Jet Lag: When Your Body Asks, 'Where Am I?'

By Judy Packer-Tursman
Special to The Washington Post
Tuesday, March 27, 2001

You might spend most of your time on a flight to Europe snoozing peacefully and dreaming of a great trip. But if not, don't try to keep up with the crew: Their job is staying busy and alert. Yours is resetting your internal clock so you get sleepy at a normal hour and get hungry when the restaurants are still open.

Whether you're dozing or downloading at 32,000 feet, you're also crossing several time zones. When you land, your body's daily rhythms -- including temperature changes, metabolism, glandular activity and sleep-wake impulses -- are out of whack with your new location's cycle of daylight and darkness. This mismatch produces jet lag. Left alone, your body gradually will get over the fatigue, insomnia and gastrointestinal distress that often mark the condition, but by the time that happens, your vacation -- not to mention your business trip -- may be over.

Scientists have been working for decades on ways to cause the brain to adapt quickly to a new time zone. Laboratory studies have found that exposure to bright light is the best tool for shifting sleep/wake cycles. But it's difficult to use that tool in the real world of airline schedules, passport control and hotel check-in times. (By the way, flying from east to west is easier on your body because you're less likely to lose sleep.)

And another complicating factor has recently been discovered: While the body's "master clock" is centered in the hypothalamus, different parts of the body adjust to time-zone changes at different rates -- with the kidneys, stomach and other organs lagging behind the brain.

"Jet lag isn't [merely] a lag between you and the outside world; instead, it's a lag between different parts of your body," explains Thomas Wehr, chief of the biological rhythms section at the National Institute of Mental Health. "If you're flying east to Europe, your brain could be in Ireland, and your liver could be in Iceland, so things are not cycling in sync with each other."

Mainstream Measures

To fight jet lag, your primary care doctor is likely to advise simple measures. That means drinking plenty of water: Because the air in a plane is so dry, it takes two pints of water just to replace the bodily fluids you lose on a long flight. Failing to keep hydrated can worsen fatigue. You should also avoid alcohol and rich foods, relax and get as much rest as possible before and during the flight. On arrival, adopt a routine that's appropriate to the new time zone. If you're concerned that the time change will make it especially tough for you to function, your doctor may suggest the antihistamine Benadryl or a similar mild sleeping aid.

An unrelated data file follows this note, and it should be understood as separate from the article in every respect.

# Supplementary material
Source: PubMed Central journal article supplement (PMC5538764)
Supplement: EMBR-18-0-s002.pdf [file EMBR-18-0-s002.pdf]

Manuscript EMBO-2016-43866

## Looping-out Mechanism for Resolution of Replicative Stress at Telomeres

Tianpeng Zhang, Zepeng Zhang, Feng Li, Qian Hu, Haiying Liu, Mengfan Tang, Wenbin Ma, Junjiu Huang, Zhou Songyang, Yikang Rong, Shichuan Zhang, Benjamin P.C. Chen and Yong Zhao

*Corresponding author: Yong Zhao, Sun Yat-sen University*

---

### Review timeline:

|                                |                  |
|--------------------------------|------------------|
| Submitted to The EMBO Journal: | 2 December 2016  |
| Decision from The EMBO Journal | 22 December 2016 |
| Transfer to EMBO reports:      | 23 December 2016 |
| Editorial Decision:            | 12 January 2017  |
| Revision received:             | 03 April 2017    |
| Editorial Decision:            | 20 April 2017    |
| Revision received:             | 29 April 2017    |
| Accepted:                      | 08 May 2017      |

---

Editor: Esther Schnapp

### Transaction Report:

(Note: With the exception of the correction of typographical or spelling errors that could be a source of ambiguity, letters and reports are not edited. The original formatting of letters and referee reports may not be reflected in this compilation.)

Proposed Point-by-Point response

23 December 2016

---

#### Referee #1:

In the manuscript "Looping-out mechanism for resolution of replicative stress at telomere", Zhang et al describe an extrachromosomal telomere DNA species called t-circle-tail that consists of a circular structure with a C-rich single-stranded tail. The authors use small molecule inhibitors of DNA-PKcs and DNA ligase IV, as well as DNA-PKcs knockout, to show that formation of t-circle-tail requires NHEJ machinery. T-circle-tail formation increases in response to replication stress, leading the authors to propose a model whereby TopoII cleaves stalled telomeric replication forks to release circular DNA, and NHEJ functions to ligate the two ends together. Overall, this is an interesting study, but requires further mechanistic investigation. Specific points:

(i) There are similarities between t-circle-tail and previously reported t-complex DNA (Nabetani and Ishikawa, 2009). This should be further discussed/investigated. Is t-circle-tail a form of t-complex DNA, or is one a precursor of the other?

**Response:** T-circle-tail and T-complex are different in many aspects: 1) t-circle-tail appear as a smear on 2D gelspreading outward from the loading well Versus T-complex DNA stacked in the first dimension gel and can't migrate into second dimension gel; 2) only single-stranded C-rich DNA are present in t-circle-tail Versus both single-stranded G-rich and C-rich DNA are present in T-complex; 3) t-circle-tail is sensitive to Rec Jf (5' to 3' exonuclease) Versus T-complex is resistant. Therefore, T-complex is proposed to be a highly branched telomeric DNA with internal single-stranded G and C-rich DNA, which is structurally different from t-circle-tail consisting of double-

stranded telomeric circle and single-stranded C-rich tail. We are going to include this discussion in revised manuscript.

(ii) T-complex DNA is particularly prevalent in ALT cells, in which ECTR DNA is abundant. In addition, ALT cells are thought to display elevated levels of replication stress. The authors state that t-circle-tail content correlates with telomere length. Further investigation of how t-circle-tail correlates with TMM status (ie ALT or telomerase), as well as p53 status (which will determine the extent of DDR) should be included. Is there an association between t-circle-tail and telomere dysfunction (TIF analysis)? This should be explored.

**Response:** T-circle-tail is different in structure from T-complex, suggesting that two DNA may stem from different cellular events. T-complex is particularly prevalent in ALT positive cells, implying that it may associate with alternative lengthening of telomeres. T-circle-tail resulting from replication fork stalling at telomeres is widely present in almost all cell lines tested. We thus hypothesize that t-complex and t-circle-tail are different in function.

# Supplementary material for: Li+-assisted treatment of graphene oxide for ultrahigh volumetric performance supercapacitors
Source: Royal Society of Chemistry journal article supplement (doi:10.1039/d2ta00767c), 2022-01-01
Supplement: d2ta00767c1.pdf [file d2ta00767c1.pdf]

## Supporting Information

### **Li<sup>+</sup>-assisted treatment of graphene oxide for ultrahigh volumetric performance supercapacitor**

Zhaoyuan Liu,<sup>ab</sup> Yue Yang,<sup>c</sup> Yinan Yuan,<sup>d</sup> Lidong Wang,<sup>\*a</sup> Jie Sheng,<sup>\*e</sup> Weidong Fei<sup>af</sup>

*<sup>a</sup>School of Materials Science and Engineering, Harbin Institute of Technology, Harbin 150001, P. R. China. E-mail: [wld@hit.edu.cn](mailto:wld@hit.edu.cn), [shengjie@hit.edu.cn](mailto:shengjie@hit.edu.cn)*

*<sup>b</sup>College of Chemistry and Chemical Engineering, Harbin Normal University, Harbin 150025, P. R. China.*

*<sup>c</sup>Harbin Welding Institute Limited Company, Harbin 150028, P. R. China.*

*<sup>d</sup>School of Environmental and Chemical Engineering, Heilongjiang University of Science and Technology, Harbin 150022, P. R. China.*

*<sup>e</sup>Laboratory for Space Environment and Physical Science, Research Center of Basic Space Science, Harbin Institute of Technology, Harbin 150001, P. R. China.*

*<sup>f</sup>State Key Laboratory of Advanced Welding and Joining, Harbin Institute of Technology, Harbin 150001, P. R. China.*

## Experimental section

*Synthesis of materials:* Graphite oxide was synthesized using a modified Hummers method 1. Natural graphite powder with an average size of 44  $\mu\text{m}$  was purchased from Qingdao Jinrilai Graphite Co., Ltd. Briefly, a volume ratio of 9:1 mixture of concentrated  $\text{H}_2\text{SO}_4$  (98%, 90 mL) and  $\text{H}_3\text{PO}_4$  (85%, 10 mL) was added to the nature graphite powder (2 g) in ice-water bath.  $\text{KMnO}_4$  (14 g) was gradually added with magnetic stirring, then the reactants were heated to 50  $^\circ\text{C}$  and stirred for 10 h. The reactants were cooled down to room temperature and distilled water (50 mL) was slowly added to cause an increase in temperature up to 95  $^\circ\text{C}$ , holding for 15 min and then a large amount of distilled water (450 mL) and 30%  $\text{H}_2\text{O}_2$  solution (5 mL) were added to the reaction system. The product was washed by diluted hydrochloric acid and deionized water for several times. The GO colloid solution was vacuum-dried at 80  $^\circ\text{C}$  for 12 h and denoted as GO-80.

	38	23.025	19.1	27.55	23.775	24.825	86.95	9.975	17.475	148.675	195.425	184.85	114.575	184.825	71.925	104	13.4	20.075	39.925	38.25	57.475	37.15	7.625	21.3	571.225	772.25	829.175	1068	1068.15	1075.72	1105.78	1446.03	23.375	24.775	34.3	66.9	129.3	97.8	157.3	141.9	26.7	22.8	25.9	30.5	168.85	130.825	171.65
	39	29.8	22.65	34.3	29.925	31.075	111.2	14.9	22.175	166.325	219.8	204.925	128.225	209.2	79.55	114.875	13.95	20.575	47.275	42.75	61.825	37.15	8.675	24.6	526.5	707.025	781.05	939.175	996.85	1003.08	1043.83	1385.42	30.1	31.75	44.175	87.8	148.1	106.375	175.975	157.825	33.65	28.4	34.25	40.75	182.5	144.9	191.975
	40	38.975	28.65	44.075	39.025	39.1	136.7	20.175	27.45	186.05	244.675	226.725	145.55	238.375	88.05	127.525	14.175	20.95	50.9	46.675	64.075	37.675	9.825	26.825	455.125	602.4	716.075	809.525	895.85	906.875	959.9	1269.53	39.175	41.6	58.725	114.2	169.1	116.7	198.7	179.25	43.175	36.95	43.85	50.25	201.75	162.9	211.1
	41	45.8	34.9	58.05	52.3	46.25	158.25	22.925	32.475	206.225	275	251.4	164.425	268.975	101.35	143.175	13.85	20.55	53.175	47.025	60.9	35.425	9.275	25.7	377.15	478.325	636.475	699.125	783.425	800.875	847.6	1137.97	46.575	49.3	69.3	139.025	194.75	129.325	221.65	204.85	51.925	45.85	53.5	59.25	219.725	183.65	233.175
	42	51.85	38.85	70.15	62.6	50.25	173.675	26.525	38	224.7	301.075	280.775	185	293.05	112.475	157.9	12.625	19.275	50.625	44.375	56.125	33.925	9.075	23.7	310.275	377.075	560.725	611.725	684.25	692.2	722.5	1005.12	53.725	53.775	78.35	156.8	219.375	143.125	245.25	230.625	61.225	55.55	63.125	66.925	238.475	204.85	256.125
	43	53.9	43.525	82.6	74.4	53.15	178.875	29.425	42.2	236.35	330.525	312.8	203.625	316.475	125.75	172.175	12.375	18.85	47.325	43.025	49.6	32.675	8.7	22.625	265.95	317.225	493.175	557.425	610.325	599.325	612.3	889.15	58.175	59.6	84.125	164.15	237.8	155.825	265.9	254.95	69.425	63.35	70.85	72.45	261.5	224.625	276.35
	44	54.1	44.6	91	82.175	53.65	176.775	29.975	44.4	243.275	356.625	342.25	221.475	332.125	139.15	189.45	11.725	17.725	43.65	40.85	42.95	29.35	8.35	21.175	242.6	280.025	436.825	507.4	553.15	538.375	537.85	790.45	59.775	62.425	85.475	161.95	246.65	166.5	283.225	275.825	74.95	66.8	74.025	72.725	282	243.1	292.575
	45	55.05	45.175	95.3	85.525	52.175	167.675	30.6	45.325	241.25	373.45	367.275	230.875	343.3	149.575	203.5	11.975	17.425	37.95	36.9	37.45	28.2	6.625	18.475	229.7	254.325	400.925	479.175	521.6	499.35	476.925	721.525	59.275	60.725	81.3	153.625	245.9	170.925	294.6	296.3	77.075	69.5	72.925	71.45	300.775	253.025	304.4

Phyllis Zee, a neurologist who directs the Sleep Disorders Center at Northwestern University Medical School in Chicago, says international travelers actually face two issues, sleep deprivation and circadian rhythms that are out of sync with the new environment. "I think for my patients sleep loss is a big problem, and that's easier to correct more quickly, particularly if they are only going to be gone several days."

Zee's strategies includemelatonin (more on that below), getting adequate exercise to stimulate the body at times when you want to be awake and taking short-acting sleeping pills for a night or two in the new time zone. "You want to do a little bit of all of it -- light, exercise and melatonin work the best -- because you're getting little benefits from all these things."

While that's the standard advice, some experts recommend other steps.

Wehr, for example, advocates staying out of bright light, both natural and artificial, until you want your body to initiate a new day's cycle of bodily functions.

His advice: While in flight, try to go to sleep on your regular schedule, using an eye mask to shut out cabin light and wearing sunglasses if you get up to stretch your legs or use the toilet. More important, stay out of the sun until at least 10 a.m. local time. If you're still in the air, keep your window shade down until that time. If you're on the ground, don't rush to claim your bags, rent a car and head for the hotel.